Be Prepared When Selling Your Property Broker-Free
For New Yorkers looking to sell their property, there's always the question of whether or not it's worth it skip out on using a broker. NY1's Jill Urban filed the following report.
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Teresa Delany is selling her one bedroom apartment. Rather than paying a broker the average six percent to list it, she has decided to do it on her own.
"It’s been very educational. I have had a lot of brokers come through the apartment trying to convince me to hire them. I have resisted. I may change my mind in a few weeks, but right now I am very happy I made the decision I made," says Delany.
Like many "For Sale By Owners" or FSBO sellers, Delany had a lot of questions and getting answers wasn’t always easy. So we asked Doug Perlson of RealDirect.com, a service that helps guide FSBO sellers through the process, for advice.
"If you want the widest potential buyer pool you are going to want to include the New York City buyers-broker community. It’s usually a two and a half to three percent commission to be paid to the buyers brokers and you want to explicitly include that in your listing," suggests Perlson.
Pricing is also key. Take the emotion out of what you'd like for the apartment and rely on comps to determine a realistic value. Also, make sure you market your home well. You should pay to advertise on key listings sites and consider paying to get your listing inside the Real Estate Board Database or any other appropriate MLS services where brokers are looking.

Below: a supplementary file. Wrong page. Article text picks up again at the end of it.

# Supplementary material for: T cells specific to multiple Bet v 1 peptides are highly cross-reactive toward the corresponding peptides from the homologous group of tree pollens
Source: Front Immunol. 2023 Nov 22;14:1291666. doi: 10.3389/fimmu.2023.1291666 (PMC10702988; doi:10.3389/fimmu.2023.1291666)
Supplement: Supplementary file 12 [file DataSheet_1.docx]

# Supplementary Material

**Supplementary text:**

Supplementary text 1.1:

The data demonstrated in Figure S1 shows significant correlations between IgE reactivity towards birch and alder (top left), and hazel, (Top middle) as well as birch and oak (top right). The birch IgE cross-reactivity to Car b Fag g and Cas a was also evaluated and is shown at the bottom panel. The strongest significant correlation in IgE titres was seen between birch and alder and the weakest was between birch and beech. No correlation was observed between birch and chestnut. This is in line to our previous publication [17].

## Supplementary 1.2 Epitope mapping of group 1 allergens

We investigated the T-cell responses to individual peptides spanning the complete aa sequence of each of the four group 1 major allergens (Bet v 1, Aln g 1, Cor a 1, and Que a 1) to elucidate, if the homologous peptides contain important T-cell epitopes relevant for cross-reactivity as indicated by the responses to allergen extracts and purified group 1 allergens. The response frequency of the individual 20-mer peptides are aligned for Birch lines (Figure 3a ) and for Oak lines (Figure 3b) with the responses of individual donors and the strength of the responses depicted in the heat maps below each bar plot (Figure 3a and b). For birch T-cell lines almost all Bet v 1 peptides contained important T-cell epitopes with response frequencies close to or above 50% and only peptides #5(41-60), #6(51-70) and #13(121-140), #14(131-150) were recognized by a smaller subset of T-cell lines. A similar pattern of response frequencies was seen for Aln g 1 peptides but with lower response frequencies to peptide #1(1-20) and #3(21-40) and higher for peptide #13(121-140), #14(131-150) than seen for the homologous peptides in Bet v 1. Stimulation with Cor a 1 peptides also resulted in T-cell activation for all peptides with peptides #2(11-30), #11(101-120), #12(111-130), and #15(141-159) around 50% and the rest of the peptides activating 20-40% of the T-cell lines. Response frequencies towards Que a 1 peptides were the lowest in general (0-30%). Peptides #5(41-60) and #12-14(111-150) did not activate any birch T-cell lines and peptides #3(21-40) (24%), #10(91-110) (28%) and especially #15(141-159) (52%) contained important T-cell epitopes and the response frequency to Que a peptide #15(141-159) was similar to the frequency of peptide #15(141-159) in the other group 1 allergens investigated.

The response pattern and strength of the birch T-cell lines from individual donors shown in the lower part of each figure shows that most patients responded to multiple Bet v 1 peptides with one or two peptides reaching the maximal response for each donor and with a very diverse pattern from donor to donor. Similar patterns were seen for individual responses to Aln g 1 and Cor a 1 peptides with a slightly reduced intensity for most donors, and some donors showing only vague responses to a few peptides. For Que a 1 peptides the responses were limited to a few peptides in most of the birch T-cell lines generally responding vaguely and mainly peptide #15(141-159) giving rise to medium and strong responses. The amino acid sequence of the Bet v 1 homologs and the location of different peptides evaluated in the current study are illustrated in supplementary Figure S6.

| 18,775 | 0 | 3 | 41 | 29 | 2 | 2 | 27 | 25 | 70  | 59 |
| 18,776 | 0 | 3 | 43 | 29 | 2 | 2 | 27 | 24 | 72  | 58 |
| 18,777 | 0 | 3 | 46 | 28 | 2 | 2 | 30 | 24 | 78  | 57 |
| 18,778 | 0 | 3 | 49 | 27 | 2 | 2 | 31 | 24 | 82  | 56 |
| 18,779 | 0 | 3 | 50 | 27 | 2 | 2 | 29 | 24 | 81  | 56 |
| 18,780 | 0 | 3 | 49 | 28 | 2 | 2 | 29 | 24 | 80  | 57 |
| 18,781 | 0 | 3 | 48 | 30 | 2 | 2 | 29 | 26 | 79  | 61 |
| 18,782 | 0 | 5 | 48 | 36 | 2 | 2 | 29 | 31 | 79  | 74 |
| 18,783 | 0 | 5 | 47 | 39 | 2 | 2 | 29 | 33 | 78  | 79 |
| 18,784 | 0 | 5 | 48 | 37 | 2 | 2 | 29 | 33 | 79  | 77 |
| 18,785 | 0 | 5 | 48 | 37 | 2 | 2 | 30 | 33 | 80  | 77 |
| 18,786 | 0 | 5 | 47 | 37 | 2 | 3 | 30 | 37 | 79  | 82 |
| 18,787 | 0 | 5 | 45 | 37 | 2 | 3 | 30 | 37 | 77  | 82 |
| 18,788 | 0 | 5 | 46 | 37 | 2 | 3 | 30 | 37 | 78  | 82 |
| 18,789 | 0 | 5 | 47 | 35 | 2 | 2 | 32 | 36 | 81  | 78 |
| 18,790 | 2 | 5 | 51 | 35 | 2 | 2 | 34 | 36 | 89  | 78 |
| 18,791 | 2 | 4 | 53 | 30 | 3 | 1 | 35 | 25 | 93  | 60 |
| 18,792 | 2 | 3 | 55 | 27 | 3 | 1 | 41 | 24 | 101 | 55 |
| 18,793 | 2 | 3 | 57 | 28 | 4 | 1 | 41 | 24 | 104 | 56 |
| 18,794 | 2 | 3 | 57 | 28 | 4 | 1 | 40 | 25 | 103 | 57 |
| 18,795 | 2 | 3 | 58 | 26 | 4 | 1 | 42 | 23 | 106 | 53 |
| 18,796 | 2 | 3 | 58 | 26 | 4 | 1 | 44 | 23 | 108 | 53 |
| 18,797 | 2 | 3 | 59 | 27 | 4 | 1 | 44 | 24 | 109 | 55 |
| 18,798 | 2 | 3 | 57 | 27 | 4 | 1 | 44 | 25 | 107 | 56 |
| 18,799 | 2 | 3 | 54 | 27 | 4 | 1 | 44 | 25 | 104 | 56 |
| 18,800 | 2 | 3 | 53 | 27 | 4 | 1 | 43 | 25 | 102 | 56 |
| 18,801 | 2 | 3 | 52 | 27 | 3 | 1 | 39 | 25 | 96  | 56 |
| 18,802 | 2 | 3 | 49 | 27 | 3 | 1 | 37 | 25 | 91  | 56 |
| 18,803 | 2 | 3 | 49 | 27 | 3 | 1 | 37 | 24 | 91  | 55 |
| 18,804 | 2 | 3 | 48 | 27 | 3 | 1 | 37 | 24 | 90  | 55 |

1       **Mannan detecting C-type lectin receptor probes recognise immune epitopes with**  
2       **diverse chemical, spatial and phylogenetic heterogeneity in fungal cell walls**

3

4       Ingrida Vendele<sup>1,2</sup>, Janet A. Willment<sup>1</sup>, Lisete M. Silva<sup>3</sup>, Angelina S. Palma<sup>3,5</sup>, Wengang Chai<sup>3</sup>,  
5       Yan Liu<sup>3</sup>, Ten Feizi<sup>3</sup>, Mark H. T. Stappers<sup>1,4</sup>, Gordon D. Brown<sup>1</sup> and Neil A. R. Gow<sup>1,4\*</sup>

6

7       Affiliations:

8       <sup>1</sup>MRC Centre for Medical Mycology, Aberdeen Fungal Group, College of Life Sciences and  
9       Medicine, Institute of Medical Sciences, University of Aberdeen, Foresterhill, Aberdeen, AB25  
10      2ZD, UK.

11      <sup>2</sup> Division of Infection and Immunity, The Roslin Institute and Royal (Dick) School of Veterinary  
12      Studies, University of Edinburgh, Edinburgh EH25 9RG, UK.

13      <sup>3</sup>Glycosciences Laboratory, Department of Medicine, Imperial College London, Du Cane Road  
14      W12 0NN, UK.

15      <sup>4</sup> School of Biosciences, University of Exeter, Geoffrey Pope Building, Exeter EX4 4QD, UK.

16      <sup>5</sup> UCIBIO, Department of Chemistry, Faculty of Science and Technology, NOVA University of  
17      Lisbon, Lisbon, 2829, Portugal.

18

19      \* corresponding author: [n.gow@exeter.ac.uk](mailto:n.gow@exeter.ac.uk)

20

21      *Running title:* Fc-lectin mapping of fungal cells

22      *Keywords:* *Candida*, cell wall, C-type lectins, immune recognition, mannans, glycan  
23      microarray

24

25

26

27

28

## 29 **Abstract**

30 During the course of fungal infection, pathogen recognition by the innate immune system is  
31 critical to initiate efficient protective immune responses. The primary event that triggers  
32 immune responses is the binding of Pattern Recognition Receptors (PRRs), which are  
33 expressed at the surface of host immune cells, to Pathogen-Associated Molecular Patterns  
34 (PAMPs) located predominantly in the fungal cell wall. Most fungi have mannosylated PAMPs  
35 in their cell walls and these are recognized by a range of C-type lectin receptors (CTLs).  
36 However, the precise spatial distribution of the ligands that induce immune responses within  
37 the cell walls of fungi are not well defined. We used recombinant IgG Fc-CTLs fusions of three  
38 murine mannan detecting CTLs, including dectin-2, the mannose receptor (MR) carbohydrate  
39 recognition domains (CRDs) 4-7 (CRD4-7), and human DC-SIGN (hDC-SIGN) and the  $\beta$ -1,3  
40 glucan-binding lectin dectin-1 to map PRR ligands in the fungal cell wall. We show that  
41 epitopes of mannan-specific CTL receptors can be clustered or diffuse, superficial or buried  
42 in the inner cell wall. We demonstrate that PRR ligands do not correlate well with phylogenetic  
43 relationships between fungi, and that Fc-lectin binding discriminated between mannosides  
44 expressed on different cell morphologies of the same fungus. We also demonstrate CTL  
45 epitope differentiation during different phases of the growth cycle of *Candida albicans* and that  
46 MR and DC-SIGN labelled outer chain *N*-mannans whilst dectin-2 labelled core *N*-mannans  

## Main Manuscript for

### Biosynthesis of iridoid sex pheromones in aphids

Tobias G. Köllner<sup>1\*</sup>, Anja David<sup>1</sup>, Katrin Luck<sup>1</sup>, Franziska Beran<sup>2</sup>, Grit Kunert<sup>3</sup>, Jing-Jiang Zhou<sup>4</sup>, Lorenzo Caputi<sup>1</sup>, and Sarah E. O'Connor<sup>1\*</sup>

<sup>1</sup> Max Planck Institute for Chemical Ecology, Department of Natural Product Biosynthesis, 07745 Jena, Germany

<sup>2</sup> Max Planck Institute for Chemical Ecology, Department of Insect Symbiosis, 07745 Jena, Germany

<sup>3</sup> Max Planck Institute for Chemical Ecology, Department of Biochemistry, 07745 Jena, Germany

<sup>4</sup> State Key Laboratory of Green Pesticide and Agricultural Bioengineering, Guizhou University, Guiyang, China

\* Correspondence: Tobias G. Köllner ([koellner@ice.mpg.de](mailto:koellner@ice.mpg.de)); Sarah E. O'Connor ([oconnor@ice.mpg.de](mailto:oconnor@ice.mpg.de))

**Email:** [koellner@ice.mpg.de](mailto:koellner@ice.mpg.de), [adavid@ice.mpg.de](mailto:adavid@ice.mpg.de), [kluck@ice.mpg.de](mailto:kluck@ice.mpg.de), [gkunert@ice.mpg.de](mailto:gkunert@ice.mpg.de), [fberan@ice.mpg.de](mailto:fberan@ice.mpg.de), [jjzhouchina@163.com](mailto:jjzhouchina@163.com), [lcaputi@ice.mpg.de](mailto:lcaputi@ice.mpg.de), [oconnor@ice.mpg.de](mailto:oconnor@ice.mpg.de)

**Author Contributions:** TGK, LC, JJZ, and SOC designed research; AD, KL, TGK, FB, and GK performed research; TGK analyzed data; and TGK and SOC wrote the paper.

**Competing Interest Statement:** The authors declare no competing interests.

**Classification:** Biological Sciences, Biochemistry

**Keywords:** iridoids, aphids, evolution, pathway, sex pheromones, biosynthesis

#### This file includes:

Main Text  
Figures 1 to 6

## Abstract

Additionally, sellers should invest in good photos. Perlson says all too often FSBO sellers skimp on photography and pay the price. And when buyers come in, don't oversell.
"Be really careful about following people around and telling about every last detail of your apartment. Best to pick two to three things that made you buy that apartment in the first place and go over those items to let them know it’s a great place to live," says Perlson.
It’s also good to time your open houses with others in your building to drive traffic.
"You need to have pretty thick skin for the process. Not only for people coming through and criticizing or commenting on your home, but also for the things brokers will tell you to try and convince you to hire them," adds Delany.
Her apartment hasn't been on the market long, yet Delany has seen a lot of interest. So for her, a little tough skin and a lot of determination could be just what it takes to get a deal done.